That’s What Fellowship is.
I stamped my foot impatiently, it took mother too long to get ready to go again. She always dug in her purse for who knows what before she went anywhere. I checked the clock hanging above the cracked sink.
It was only 6:50, ten minutes until youth group began.
Mother came shuffling down the hallway from the bathroom at 6:52, asking me if I was ready to go.
Grabbing my Teen Study Bible I nodded.
We exited the house and climbed into our yellow thirty year old VW bug. The engine started up with a groan before crawling down the street. Mother pulled into the cracked parking lot of the old church, faded white lines marked the parking places.
Over the years, nature almost took over the lot. Vines grew up the walls beside the wooden door of the youth building. The sides of the building were worn smooth from years of rain. As I entered, the warm scents of hot chocolate and coffee greeted me. I walked down the hallway, past the bathrooms and the currently empty rooms used for small groups, my footsteps echoing off the tiled floor.
The double doors of the main room loomed before me.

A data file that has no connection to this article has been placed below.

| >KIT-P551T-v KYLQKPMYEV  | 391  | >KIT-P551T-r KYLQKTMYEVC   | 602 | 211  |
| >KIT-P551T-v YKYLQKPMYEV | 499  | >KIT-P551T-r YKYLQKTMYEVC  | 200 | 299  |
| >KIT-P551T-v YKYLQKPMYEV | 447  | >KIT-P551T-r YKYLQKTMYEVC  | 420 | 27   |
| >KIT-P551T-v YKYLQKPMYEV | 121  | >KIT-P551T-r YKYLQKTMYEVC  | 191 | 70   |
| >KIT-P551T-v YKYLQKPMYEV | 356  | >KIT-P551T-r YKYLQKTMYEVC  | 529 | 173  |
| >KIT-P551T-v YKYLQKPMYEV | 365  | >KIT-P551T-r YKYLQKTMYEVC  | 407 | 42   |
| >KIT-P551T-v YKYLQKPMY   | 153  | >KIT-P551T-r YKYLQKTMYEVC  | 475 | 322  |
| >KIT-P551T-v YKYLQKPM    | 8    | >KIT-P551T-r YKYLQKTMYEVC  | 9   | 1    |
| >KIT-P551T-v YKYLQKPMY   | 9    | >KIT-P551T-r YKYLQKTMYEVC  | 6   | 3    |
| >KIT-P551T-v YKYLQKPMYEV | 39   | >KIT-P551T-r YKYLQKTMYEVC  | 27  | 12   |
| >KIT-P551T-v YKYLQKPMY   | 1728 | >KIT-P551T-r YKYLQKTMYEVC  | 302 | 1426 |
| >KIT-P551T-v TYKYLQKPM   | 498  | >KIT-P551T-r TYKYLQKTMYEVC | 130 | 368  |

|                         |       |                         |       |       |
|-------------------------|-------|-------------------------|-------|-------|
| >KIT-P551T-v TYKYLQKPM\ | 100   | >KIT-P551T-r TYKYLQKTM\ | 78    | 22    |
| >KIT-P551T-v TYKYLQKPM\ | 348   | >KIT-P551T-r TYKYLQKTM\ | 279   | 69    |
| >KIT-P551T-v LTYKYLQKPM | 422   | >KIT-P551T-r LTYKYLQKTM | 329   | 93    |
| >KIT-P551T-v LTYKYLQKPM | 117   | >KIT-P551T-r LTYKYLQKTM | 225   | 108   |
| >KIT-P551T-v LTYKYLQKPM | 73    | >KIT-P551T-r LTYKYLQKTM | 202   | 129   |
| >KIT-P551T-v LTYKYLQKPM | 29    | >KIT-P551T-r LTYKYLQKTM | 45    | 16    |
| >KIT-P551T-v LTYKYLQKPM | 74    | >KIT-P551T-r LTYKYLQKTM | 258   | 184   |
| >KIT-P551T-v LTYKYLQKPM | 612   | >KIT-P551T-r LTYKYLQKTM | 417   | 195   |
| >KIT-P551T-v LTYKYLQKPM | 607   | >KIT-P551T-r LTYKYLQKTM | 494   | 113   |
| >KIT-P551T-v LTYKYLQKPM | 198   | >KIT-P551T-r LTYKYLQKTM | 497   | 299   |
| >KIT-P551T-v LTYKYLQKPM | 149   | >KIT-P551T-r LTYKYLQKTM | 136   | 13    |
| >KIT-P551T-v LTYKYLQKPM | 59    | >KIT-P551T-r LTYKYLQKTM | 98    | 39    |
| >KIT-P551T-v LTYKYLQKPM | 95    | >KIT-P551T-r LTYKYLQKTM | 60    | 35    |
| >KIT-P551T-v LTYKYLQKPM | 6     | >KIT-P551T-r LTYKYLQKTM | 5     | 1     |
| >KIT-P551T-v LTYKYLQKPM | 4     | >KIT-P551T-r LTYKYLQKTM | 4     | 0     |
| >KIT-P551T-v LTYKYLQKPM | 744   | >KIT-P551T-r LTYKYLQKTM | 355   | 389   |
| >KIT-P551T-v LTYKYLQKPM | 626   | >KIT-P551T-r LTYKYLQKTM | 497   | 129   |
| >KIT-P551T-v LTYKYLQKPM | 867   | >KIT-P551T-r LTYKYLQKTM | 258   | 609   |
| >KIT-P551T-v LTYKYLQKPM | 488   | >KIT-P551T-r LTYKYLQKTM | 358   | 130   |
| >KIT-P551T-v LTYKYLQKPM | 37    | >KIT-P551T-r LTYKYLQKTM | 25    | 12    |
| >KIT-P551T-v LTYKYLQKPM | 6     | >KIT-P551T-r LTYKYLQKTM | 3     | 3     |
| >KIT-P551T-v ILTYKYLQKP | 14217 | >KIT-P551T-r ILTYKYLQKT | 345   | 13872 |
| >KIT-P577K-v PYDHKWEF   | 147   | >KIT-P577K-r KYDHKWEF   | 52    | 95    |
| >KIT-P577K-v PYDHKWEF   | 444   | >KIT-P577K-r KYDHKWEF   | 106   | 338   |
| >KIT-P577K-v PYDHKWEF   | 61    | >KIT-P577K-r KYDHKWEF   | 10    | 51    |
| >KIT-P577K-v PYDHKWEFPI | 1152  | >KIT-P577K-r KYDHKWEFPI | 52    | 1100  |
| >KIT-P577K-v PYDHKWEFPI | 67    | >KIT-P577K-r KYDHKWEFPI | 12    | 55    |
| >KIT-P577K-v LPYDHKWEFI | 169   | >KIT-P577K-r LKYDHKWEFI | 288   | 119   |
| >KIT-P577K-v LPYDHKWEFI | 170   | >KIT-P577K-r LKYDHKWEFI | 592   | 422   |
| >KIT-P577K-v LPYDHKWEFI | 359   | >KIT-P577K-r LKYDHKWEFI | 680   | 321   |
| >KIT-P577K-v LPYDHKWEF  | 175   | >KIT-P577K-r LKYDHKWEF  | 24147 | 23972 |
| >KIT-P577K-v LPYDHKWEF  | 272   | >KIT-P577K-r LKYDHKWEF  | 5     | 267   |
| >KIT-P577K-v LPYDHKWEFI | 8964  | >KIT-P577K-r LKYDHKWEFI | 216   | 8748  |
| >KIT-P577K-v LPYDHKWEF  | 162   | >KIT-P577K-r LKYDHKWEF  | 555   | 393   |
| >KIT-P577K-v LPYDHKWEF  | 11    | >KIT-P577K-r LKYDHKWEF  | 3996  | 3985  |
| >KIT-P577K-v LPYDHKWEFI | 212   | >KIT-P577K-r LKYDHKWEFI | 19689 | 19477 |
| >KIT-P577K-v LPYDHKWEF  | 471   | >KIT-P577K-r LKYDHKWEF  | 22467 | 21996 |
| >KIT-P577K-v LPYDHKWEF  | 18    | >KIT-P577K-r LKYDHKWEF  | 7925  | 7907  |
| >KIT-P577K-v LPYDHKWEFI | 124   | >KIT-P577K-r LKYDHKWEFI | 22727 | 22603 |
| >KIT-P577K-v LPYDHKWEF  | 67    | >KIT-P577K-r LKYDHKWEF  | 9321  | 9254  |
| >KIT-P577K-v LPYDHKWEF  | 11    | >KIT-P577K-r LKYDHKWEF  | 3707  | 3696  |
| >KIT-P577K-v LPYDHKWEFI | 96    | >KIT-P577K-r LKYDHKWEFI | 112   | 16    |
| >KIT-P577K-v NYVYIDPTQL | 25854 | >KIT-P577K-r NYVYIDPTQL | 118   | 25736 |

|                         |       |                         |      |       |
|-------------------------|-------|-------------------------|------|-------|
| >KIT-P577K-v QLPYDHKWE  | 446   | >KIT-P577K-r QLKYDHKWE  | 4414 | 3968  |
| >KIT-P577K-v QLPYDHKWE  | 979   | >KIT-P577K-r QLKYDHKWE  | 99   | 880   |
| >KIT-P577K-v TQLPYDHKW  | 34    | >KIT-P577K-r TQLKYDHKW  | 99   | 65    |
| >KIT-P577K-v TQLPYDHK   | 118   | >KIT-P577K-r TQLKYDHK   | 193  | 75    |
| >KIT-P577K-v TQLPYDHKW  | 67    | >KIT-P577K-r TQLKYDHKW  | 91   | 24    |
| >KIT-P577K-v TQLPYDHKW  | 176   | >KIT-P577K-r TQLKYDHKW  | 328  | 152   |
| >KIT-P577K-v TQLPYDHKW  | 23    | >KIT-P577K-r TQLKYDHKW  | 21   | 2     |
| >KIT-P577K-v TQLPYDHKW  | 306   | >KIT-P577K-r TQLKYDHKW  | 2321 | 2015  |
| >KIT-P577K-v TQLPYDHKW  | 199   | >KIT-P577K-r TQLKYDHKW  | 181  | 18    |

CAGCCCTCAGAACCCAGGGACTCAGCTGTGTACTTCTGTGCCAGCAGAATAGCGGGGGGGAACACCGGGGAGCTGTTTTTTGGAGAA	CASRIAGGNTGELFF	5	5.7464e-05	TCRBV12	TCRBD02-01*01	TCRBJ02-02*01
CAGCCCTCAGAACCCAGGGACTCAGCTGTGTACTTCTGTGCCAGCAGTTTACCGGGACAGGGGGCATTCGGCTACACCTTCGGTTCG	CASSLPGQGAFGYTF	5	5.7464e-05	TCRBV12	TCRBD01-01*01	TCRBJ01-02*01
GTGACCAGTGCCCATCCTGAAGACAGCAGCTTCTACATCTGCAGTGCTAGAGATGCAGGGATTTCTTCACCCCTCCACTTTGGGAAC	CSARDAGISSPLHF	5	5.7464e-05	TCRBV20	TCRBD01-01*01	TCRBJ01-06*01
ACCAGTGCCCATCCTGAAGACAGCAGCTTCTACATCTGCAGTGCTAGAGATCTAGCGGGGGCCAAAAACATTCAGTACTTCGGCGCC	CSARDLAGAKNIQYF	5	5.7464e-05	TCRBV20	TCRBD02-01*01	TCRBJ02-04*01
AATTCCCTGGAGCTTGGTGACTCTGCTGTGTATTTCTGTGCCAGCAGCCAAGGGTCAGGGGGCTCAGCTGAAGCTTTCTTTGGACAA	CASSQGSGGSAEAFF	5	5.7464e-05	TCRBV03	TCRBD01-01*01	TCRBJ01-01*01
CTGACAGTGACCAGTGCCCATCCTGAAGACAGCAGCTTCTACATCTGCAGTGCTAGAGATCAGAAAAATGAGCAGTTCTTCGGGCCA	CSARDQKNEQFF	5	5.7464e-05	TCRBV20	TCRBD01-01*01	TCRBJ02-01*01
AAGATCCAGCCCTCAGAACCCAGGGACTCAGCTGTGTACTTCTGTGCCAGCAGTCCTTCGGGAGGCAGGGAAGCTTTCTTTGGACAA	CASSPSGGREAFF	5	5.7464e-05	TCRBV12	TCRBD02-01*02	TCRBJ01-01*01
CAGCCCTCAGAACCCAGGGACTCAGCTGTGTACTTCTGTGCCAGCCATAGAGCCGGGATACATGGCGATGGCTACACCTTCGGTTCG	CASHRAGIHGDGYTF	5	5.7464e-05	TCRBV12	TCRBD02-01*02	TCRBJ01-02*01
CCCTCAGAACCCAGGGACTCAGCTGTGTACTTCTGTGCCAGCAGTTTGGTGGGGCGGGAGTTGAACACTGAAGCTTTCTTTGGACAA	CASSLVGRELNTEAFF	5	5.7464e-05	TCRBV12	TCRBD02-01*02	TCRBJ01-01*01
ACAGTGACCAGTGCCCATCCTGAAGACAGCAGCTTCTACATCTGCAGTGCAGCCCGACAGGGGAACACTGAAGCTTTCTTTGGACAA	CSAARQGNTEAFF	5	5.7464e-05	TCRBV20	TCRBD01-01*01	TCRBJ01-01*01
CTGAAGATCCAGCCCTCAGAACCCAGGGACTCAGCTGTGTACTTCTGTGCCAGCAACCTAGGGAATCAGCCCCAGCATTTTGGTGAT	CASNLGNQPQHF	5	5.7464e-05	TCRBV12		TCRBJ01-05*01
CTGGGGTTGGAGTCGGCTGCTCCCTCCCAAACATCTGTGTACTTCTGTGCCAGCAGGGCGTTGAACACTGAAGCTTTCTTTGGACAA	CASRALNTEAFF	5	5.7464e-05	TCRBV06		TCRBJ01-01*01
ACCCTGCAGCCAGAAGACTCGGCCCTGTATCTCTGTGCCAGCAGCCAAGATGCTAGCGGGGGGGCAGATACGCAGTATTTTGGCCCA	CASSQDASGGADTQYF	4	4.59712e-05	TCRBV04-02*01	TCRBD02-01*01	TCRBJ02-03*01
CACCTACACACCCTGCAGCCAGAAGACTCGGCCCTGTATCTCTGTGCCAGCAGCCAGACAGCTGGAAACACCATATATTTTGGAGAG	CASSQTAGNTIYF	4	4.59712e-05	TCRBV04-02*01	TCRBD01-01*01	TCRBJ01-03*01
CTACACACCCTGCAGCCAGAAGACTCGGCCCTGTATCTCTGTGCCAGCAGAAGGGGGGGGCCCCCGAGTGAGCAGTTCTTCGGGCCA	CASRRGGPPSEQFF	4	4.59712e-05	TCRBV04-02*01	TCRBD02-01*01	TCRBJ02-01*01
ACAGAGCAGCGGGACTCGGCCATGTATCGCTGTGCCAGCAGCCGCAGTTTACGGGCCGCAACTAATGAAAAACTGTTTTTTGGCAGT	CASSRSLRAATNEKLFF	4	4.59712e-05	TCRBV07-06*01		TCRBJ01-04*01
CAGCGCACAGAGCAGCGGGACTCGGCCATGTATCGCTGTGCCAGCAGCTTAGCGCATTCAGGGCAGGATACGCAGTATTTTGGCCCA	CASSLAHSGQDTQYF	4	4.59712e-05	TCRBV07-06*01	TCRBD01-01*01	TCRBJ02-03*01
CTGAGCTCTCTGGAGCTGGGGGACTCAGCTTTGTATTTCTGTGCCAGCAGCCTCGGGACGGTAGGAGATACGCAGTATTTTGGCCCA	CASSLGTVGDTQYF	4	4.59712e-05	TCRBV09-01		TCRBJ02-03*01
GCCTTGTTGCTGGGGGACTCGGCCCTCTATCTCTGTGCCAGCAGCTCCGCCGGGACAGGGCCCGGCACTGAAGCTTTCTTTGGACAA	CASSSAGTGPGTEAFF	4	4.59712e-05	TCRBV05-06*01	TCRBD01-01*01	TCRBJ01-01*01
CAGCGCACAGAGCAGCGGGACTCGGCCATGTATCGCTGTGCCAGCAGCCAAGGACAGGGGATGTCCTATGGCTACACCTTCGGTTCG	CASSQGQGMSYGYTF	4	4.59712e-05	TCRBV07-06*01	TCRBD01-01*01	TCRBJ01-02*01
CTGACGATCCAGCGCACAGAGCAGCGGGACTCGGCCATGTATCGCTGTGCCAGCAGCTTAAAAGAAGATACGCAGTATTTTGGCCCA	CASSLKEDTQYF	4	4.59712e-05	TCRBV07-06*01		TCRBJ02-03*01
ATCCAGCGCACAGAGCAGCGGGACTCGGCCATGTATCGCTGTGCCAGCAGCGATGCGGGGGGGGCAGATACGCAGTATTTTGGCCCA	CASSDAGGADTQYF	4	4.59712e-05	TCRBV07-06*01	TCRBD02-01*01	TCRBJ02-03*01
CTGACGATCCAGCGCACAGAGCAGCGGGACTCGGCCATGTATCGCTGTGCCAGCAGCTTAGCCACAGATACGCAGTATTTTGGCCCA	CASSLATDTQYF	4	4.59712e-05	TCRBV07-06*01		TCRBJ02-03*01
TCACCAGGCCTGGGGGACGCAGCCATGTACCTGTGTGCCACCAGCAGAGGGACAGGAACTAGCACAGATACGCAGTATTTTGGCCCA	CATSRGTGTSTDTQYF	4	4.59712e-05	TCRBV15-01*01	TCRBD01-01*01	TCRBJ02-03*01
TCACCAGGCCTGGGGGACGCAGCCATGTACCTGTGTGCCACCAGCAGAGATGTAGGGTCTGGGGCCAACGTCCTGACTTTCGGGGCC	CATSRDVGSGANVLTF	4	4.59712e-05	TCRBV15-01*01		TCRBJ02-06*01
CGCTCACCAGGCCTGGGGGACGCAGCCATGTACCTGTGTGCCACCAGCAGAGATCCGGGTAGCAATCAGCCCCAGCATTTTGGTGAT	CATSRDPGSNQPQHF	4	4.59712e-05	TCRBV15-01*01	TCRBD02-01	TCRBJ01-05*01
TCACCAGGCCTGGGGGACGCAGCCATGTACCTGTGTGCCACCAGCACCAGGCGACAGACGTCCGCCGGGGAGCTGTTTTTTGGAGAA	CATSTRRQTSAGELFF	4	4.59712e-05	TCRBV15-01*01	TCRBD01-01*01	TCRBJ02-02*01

I could already identify the voices of my best friend Kelsey and her boyfriend Ryan. Bright lights filled my vision as I stepped into the room.
The large cross hung on the wall opposite of me, black and white tiles checkered the floor. Smuggled beside the cross, a small library took up three bookcases. To the left, the youth pastor set up several computers.
I turned to my right, nearly running into Kelsey. She screamed my name as she pulled me into a tight hug, her red curls getting into my green eyes.
I glanced around the room, taking note of which of my friends came. Aside from Kelsey and Ryan, Alisa, Beth, Lauren, and Chad decided to come. Pastor Paul, our youth leader, talked about Esther, then said the snack bar was opened. He always ended his lessons like that. Kelsey and Alisa babbled about a practical joke they played on Beth earlier that morning.
I laughed with the others.
Lauren pinched Chad for a sarcastic remark. I felt at home here with my friends.
I glanced toward the library.
A girl sat on a rickety stool, her eyes intent on the book in her hands. Her name was Emma, she went to the same high school as Chad. He said she didn’t have any friends and nobody wanted to be her friend. He said she was a looser, an outcast, and a teachers pet.
I didn’t know her well, I usually didn’t notice if she had come or not.
But tonight she seemed lonely.
My chair scrapped against the floor as I stood up.
I crossed the room and approached her.
“Hi, my name is Gwen, what’s your name?” I asked.
“Emma,” she whispered.
Chad already told me her name, but I wanted to be friendly, after all that’s what fellowship is.
“Come get a soda and sit with me and my friends, we’d love to have you,” I invited.
She cast a nervous glance at my laughing friends, then she closed her book. Her face beamed.
“Sure,” she smiled, and I knew that I had made a new friend.
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